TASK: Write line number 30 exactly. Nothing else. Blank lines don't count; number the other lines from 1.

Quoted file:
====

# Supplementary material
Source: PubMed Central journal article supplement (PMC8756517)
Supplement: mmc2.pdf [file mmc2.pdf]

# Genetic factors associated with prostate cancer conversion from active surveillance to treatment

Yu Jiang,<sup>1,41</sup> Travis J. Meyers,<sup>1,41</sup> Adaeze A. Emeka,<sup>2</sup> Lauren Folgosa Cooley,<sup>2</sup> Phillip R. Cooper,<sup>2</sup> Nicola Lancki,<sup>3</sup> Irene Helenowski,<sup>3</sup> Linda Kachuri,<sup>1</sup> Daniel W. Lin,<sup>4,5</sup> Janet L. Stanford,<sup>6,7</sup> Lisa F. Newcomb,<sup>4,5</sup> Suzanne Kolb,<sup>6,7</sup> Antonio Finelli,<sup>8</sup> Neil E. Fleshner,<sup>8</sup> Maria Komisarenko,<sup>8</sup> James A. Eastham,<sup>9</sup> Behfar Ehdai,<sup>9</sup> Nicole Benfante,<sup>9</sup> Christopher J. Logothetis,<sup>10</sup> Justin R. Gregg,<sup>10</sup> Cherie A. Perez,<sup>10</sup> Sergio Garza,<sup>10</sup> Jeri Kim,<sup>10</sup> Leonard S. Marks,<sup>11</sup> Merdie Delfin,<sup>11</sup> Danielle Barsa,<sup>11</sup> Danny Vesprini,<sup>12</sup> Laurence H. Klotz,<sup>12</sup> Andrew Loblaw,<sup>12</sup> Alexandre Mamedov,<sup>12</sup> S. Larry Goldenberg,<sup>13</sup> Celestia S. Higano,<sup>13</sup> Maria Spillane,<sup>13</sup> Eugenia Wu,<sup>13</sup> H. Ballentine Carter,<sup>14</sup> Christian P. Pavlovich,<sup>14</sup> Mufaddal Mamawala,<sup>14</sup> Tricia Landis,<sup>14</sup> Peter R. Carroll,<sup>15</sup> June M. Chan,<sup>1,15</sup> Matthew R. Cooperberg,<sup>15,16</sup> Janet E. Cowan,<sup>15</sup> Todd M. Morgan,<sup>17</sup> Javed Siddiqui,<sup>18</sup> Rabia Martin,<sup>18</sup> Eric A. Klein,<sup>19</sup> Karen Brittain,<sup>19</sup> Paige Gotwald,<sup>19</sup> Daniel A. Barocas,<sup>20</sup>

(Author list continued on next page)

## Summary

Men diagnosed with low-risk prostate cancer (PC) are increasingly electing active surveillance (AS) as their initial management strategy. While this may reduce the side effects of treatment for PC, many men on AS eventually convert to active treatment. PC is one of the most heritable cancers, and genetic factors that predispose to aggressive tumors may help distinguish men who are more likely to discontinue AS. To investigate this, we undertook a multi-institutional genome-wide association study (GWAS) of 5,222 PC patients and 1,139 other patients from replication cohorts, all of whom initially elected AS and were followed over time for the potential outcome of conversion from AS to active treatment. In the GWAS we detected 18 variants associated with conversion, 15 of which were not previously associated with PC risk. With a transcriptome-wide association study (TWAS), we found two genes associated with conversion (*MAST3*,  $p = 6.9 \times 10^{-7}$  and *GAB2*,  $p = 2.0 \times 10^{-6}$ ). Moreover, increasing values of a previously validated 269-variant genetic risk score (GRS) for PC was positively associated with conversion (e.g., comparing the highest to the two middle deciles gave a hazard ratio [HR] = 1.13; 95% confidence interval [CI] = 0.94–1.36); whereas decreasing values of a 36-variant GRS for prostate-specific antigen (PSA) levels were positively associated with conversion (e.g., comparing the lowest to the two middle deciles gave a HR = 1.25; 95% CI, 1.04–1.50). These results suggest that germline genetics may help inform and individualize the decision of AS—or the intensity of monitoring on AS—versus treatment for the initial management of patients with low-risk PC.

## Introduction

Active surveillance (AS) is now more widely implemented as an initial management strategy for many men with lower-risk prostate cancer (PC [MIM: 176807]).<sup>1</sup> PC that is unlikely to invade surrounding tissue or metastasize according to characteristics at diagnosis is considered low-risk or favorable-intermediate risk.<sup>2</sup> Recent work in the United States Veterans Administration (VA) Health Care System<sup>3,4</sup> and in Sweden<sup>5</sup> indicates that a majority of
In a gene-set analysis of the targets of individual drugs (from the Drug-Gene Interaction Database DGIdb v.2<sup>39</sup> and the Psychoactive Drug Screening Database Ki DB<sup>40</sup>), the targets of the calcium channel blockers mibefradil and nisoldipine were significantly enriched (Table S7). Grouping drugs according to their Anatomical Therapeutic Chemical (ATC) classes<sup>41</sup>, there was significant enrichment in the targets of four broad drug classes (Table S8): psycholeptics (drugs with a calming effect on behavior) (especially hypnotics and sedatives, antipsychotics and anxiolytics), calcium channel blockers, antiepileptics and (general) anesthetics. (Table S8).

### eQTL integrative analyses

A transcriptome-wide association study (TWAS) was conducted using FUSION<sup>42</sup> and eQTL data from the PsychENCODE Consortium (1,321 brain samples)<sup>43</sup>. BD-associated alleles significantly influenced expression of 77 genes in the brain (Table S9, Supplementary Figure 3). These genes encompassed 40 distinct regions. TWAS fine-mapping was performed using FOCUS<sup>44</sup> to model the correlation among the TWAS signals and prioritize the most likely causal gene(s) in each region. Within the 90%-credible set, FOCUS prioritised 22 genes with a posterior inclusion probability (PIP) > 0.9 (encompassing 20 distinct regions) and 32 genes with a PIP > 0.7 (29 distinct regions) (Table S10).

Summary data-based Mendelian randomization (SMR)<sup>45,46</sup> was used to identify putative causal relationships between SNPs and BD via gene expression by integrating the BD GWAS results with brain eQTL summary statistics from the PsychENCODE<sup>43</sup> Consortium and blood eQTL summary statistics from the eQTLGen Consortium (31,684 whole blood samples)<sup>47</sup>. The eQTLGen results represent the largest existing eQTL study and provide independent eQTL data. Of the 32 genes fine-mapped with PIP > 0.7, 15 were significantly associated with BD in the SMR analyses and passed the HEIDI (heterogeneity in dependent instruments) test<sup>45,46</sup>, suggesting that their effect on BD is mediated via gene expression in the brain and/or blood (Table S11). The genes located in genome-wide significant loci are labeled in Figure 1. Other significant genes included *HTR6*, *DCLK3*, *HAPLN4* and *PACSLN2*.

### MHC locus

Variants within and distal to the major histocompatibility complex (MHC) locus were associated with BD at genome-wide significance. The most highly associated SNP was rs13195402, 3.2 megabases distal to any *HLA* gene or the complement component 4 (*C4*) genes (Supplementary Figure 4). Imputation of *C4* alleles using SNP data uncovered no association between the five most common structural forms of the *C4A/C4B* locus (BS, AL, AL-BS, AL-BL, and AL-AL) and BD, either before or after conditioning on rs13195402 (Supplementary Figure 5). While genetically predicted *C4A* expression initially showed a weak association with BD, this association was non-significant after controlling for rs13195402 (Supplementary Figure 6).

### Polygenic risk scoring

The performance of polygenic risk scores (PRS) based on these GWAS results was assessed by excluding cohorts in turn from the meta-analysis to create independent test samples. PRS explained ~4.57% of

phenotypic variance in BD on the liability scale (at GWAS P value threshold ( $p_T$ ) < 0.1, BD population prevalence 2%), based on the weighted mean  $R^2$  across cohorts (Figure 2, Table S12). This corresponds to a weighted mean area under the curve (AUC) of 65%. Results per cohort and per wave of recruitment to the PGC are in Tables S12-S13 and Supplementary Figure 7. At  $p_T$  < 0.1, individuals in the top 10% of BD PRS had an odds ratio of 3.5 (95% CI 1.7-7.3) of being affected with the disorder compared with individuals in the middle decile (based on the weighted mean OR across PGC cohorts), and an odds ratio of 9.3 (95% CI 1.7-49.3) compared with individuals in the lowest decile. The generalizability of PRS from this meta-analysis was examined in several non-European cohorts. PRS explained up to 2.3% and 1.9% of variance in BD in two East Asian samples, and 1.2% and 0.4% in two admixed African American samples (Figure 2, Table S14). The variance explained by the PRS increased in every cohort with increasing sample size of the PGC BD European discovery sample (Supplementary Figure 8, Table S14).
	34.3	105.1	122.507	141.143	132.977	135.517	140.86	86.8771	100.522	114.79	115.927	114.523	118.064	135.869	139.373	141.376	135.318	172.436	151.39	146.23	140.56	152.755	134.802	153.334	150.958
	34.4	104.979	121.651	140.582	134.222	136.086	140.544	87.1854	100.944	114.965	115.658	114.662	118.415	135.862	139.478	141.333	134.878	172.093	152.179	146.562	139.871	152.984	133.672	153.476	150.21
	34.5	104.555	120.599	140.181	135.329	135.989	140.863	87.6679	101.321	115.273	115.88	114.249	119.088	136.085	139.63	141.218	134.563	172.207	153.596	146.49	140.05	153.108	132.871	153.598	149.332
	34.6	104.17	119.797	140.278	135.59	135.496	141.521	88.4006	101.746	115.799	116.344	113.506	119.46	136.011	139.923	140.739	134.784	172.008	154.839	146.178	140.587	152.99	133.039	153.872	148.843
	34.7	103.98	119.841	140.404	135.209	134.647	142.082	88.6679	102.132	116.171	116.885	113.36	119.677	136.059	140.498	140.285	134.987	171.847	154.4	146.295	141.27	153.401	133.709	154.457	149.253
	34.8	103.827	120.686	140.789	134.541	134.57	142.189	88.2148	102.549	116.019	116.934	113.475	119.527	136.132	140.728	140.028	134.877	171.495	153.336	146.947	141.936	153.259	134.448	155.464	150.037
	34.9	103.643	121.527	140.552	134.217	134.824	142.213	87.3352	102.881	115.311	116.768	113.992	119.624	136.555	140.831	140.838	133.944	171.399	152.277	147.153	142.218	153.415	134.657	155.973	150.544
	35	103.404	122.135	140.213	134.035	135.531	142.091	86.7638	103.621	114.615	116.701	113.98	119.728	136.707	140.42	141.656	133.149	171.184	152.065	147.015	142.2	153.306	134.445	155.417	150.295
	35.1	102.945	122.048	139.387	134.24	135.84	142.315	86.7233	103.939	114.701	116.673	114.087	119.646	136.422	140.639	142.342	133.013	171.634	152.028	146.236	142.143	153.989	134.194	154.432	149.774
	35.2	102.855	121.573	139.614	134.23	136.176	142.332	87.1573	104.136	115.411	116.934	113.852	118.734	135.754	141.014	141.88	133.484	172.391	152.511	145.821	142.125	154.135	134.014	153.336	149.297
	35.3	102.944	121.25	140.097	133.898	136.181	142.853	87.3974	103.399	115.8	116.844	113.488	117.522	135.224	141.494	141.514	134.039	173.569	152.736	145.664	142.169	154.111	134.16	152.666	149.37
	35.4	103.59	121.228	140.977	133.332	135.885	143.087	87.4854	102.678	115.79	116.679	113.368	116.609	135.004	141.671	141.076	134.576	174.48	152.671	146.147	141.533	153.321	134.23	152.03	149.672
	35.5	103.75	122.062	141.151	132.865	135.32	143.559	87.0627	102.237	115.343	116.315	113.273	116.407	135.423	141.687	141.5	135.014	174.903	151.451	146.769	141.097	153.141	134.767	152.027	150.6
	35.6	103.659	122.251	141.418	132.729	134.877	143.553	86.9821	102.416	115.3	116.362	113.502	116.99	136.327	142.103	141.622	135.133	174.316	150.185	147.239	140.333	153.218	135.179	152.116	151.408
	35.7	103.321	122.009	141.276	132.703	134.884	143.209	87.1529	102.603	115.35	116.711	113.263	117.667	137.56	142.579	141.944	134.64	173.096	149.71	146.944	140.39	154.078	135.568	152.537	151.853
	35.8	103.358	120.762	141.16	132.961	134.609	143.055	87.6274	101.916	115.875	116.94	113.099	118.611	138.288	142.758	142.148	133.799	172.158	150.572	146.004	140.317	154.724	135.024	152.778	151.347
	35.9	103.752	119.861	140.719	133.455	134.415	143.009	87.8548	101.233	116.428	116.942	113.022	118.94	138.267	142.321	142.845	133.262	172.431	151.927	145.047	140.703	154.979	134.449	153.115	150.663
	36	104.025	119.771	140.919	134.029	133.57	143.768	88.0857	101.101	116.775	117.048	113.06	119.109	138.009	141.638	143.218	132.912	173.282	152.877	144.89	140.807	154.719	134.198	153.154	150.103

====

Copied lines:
	35.3	102.944	121.25	140.097	133.898	136.181	142.853	87.3974	103.399	115.8	116.844	113.488	117.522	135.224	141.494	141.514	134.039	173.569	152.736	145.664	142.169	154.111	134.16	152.666	149.37